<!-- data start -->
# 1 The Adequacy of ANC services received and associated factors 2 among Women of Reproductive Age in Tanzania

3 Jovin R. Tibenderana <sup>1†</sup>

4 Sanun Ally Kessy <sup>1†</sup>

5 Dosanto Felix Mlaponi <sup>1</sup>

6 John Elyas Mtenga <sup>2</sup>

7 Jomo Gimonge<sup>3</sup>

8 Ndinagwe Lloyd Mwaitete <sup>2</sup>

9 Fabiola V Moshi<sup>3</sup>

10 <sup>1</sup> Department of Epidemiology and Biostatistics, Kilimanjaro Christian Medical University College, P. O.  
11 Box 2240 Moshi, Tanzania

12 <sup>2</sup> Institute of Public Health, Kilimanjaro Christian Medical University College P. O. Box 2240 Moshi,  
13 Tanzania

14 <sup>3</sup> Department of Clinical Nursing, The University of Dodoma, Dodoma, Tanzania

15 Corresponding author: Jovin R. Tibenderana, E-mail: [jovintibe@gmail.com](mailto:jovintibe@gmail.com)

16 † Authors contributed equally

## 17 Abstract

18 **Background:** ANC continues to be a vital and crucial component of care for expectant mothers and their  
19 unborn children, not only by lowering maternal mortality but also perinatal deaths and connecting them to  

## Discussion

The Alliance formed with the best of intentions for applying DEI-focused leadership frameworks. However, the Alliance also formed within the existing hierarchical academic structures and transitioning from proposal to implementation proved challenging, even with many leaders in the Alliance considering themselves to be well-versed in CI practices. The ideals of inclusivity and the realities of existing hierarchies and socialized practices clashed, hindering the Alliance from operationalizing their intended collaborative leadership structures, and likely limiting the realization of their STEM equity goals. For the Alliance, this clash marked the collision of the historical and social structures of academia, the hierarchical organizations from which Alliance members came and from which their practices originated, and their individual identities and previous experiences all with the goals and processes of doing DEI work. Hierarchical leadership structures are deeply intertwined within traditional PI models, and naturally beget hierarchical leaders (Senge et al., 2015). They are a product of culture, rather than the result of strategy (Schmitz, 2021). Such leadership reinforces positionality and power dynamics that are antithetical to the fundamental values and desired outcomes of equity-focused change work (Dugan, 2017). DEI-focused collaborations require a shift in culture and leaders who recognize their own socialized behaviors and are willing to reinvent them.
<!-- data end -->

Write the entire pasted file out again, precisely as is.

# 1 The Adequacy of ANC services received and associated factors 2 among Women of Reproductive Age in Tanzania

3 Jovin R. Tibenderana <sup>1†</sup>

4 Sanun Ally Kessy <sup>1†</sup>

5 Dosanto Felix Mlaponi <sup>1</sup>

6 John Elyas Mtenga <sup>2</sup>

7 Jomo Gimonge<sup>3</sup>

8 Ndinagwe Lloyd Mwaitete <sup>2</sup>

9 Fabiola V Moshi<sup>3</sup>

10 <sup>1</sup> Department of Epidemiology and Biostatistics, Kilimanjaro Christian Medical University College, P. O.  
11 Box 2240 Moshi, Tanzania

12 <sup>2</sup> Institute of Public Health, Kilimanjaro Christian Medical University College P. O. Box 2240 Moshi,  
13 Tanzania

14 <sup>3</sup> Department of Clinical Nursing, The University of Dodoma, Dodoma, Tanzania

15 Corresponding author: Jovin R. Tibenderana, E-mail: [jovintibe@gmail.com](mailto:jovintibe@gmail.com)

16 † Authors contributed equally

## 17 Abstract

18 **Background:** ANC continues to be a vital and crucial component of care for expectant mothers and their  
19 unborn children, not only by lowering maternal mortality but also perinatal deaths and connecting them to  

## Discussion

The Alliance formed with the best of intentions for applying DEI-focused leadership frameworks. However, the Alliance also formed within the existing hierarchical academic structures and transitioning from proposal to implementation proved challenging, even with many leaders in the Alliance considering themselves to be well-versed in CI practices. The ideals of inclusivity and the realities of existing hierarchies and socialized practices clashed, hindering the Alliance from operationalizing their intended collaborative leadership structures, and likely limiting the realization of their STEM equity goals. For the Alliance, this clash marked the collision of the historical and social structures of academia, the hierarchical organizations from which Alliance members came and from which their practices originated, and their individual identities and previous experiences all with the goals and processes of doing DEI work. Hierarchical leadership structures are deeply intertwined within traditional PI models, and naturally beget hierarchical leaders (Senge et al., 2015). They are a product of culture, rather than the result of strategy (Schmitz, 2021). Such leadership reinforces positionality and power dynamics that are antithetical to the fundamental values and desired outcomes of equity-focused change work (Dugan, 2017). DEI-focused collaborations require a shift in culture and leaders who recognize their own socialized behaviors and are willing to reinvent them.